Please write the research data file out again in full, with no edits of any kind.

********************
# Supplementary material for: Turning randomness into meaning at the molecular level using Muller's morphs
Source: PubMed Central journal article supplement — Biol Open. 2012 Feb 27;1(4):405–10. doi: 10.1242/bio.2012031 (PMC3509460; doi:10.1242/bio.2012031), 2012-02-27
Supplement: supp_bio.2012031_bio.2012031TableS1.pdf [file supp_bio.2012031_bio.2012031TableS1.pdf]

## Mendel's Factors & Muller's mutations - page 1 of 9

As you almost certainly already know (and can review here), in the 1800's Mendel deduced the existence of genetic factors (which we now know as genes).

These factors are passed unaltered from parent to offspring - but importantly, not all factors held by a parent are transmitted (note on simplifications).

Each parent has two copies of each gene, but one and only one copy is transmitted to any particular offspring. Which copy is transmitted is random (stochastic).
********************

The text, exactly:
# Supplementary material for: Turning randomness into meaning at the molecular level using Muller's morphs
Source: PubMed Central journal article supplement — Biol Open. 2012 Feb 27;1(4):405–10. doi: 10.1242/bio.2012031 (PMC3509460; doi:10.1242/bio.2012031), 2012-02-27
Supplement: supp_bio.2012031_bio.2012031TableS1.pdf [file supp_bio.2012031_bio.2012031TableS1.pdf]

## Mendel's Factors & Muller's mutations - page 1 of 9

As you almost certainly already know (and can review here), in the 1800's Mendel deduced the existence of genetic factors (which we now know as genes).

These factors are passed unaltered from parent to offspring - but importantly, not all factors held by a parent are transmitted (note on simplifications).

Each parent has two copies of each gene, but one and only one copy is transmitted to any particular offspring. Which copy is transmitted is random (stochastic).